Greece's banking stocks plunged for the second day in a row on Tuesday, holding down the main Athens index which otherwise looked as if it was turning the corner after the previous day's record rout.
With lenders in dire need of recapitalisation after a flight of euros from deposits for most of this year, the banking index was down more than 29 percent, bumping up against the 30 percent daily loss limit at which trading is halted. It hit that limit on Monday.
But almost all other blue chip shares rose and the main index, of which around 20 percent is banks, was down only 2.4 percent as already historically low valuations fall to levels at which investors start moving back in.
On Monday, the Athens General Index lost 16.2 percent, around 8 billion euros in value, on the first day of trading after a five-week shutdown triggered as a protective measure as debt-strapped Greece sought to hang on to eurozone membership.
Many non-financial sector indexes gained on Tuesday. The blue chip retail sector, for example, was up nearly 6 percent.
“The second day of trading showed clear signs we are moving towards a normalisation of the market after the long shutdown,” said Socrates Lazaridis, chief executive officer of Hellenic Exchanges.
“Of the 25 constituent stocks on the FTSE large cap index, 20 (later 18) are trading positively. Only the banks are moving negatively,” he told a news conference.
Among gainers were gaming group OPAP, up 4.5 percent, and Aegean Airlines, 8.1 percent. Some other tourism-related companies also did well.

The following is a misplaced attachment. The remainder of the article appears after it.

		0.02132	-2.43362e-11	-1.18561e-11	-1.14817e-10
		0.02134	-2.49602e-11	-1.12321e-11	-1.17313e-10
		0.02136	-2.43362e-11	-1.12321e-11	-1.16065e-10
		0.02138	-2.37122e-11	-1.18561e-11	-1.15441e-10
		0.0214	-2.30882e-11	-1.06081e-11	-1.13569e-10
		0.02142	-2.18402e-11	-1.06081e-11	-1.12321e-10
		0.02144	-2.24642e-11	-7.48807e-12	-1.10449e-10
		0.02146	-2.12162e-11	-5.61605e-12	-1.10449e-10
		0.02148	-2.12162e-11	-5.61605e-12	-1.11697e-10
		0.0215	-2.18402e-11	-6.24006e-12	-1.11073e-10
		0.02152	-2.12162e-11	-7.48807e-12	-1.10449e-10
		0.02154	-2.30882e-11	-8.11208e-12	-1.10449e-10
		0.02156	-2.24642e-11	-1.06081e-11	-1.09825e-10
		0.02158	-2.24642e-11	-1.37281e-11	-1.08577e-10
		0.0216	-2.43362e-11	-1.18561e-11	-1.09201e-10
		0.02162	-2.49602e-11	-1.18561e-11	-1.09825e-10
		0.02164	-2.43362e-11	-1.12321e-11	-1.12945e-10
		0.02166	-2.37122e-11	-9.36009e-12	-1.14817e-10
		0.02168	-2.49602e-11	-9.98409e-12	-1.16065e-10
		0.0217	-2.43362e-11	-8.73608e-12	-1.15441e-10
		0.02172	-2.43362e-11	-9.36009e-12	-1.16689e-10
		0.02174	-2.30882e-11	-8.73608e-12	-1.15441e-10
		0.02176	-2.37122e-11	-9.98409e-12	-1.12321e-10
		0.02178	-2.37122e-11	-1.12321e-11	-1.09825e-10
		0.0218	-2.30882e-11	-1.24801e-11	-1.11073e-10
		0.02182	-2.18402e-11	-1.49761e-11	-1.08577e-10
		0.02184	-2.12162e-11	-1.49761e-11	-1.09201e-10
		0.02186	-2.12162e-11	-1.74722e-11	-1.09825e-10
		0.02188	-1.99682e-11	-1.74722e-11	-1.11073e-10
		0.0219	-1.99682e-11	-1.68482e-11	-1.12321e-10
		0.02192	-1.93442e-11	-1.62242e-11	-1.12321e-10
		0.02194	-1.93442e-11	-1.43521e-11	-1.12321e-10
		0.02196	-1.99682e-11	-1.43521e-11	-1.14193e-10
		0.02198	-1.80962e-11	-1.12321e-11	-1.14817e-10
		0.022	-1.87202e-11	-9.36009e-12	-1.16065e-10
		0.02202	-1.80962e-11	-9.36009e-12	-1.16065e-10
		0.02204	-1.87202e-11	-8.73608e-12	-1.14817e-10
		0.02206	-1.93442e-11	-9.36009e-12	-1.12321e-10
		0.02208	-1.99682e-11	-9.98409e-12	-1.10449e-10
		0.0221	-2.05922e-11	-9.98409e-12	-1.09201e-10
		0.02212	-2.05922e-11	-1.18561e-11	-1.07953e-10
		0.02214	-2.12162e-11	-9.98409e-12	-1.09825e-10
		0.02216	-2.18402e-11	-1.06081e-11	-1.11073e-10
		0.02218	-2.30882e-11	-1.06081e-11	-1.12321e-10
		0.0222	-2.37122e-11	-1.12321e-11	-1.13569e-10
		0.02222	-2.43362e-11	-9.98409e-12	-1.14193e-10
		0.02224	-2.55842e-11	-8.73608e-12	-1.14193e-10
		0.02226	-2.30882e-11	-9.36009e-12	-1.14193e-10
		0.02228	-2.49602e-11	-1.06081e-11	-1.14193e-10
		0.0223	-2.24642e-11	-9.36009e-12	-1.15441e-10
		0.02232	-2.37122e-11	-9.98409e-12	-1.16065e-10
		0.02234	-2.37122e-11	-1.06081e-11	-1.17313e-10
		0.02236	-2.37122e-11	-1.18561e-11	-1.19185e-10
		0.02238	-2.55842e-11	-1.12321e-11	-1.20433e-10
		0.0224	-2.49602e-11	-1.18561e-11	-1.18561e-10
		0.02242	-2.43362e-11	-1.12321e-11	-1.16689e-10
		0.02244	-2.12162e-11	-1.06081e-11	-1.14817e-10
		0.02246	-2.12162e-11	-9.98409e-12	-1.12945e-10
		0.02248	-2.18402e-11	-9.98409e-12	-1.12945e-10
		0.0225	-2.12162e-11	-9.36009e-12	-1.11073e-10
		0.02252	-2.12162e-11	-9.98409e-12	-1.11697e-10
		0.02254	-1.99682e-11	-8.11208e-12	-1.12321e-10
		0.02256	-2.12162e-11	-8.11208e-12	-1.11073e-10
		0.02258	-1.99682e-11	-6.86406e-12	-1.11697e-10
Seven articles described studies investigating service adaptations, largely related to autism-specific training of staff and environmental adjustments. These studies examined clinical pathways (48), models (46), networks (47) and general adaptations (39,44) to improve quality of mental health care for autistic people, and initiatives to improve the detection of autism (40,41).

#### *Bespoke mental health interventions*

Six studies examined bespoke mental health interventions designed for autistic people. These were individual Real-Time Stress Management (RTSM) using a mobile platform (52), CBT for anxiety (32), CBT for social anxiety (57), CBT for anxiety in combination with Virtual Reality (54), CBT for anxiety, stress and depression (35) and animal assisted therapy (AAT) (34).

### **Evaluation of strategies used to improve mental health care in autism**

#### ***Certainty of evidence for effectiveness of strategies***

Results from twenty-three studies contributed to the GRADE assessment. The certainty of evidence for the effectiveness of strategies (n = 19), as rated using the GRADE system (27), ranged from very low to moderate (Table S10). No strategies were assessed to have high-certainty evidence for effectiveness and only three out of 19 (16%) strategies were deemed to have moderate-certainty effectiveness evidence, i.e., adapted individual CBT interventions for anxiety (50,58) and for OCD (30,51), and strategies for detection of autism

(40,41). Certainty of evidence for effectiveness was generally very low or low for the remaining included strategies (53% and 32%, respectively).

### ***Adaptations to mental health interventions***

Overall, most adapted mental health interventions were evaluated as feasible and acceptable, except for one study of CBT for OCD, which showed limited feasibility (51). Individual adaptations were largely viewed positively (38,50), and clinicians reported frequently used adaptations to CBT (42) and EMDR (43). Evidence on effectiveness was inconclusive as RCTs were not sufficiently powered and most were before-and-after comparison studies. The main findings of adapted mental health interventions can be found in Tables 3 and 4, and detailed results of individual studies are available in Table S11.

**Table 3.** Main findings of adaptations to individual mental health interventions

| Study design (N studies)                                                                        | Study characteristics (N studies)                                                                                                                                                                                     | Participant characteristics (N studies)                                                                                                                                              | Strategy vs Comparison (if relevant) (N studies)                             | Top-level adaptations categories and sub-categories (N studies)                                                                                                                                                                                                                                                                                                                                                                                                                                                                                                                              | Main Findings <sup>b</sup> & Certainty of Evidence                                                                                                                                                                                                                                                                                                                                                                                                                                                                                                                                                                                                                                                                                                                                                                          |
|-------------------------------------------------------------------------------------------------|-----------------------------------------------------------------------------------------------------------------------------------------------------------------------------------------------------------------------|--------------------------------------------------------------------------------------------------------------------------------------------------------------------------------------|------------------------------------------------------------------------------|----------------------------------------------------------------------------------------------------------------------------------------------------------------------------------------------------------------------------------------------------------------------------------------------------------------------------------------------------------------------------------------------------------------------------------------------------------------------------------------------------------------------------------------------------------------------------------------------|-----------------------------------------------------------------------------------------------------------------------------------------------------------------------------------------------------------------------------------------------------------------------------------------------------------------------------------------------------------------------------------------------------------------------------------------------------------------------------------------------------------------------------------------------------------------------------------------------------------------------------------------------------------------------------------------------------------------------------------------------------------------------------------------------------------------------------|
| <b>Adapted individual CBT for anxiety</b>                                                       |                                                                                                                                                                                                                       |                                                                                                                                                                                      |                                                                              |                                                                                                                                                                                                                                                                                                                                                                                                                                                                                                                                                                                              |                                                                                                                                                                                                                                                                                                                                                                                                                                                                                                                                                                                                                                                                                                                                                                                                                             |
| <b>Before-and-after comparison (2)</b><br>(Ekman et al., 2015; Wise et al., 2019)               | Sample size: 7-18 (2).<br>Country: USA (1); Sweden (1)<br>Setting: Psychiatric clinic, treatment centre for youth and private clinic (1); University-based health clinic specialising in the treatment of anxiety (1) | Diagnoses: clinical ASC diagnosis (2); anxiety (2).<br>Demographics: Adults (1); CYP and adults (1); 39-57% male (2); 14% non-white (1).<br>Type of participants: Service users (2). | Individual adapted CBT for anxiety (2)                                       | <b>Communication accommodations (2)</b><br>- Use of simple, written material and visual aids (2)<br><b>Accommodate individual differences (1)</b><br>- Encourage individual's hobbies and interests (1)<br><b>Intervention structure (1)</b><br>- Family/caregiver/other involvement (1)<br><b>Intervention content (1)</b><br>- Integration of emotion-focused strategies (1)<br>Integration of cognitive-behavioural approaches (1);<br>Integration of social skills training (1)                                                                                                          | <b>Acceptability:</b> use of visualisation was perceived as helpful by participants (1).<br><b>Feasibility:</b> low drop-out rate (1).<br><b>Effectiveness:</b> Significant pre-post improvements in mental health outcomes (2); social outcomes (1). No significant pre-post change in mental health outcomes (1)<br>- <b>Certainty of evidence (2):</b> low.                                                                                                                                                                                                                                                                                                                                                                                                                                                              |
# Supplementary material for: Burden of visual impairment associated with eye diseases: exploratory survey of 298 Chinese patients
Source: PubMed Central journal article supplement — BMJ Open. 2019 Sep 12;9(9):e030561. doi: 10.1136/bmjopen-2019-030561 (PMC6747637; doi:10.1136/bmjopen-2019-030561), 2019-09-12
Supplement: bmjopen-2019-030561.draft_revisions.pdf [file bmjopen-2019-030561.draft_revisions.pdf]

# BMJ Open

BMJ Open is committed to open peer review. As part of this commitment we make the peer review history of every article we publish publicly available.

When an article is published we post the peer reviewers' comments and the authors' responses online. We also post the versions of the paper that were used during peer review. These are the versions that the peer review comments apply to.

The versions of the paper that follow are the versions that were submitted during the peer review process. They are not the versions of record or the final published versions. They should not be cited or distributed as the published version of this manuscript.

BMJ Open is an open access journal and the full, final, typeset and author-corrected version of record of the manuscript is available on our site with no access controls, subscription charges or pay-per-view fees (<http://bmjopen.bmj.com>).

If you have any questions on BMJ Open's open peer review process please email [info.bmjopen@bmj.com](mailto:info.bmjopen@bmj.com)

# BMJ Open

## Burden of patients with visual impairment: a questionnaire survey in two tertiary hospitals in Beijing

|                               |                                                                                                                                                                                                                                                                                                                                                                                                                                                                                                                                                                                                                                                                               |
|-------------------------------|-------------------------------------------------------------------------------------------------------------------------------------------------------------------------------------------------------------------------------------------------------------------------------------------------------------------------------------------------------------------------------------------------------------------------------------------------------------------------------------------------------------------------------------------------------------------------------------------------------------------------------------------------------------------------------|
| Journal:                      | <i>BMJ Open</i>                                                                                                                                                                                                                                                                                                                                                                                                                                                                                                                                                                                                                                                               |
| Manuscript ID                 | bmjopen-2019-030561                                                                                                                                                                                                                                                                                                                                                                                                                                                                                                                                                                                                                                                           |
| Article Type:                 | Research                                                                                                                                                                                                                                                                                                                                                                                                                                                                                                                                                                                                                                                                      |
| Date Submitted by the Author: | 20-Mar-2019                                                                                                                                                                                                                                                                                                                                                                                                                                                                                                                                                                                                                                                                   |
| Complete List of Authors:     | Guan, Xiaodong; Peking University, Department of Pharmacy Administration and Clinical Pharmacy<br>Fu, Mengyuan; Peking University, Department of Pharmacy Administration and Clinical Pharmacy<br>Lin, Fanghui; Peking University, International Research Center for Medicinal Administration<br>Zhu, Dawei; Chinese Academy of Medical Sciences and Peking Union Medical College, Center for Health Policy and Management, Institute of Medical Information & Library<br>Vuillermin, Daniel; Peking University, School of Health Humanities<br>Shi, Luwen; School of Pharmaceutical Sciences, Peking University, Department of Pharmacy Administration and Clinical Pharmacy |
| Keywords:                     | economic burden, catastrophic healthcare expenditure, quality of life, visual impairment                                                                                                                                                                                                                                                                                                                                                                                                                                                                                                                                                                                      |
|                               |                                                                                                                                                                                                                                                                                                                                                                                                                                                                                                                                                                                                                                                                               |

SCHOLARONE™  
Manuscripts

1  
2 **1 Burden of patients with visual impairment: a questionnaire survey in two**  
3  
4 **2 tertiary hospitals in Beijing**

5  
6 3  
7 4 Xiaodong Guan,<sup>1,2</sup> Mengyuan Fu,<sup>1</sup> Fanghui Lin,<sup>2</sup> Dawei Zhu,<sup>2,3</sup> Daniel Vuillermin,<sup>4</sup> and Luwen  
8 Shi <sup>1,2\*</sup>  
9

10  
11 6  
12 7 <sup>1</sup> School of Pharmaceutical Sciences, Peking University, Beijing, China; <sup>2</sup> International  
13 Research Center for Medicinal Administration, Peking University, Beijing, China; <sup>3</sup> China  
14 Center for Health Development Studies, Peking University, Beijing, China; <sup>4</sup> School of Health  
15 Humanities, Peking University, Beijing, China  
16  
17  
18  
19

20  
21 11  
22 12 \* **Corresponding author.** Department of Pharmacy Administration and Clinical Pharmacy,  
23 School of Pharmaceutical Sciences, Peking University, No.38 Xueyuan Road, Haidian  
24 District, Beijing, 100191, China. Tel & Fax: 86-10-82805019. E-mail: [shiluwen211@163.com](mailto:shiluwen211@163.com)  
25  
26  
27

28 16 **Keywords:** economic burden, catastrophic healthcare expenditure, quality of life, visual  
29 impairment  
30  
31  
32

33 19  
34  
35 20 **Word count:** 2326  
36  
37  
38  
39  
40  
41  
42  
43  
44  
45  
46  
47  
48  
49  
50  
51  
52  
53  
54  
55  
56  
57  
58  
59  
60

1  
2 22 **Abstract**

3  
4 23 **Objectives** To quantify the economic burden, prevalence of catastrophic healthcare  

There was no spillover evident from Greece to other European markets. Many investors have cut their exposure to Greece and are focusing more on the state of core markets such as Germany and France.
Fear for the future
Greek shares resumed trading on Monday after the suspension as part of capital controls imposed to stem a debilitating outflow of euros that threatened to cause a banking collapse and force the indebted country out of the eurozone.
Even with Tuesday's non-bank gains, stocks have fallen to roughly the level they were at in 1990 and, while not as low as they were in 2012, are some 52 percent down on last year's high.
Athens is in new bailout talks with its European Union partners and the threat of political and economic instability remains high.
There have, however, been signs of progress.
Greece expects to conclude a bailout deal with international lenders by Aug. 18, with the drafting of the accord starting on Wednesday.
On Monday, Athens and lenders agreed that any pension reforms would not affect individuals who retired before the end of June 2015. Talks on Tuesday were shifting onto issues related to the recapitalisation of banks and privatisation matters.
The banks, supported for the moment by the European Central Bank, are in dire need of recapitalisation.
It has been estimated by both Greek banks and the creditors that between 10 billion and 25 billion euros ($11 billion-27.5 billion) is needed.
The economy, meanwhile, has reversed course and is heading back into recession.
The European Commission says it will shrink by 2 to 4 percent this year, a return to the recession that plagued Greece for six years until 2014.
A survey on Monday showed Greek manufacturing activity plunged to a record low as new orders plummeted and the three-week bank shutdown caused serious supply problems.
At the same time, Greece's economic sentiment hit its lowest in almost three years in July, a monthly report by the IOBE think tank said.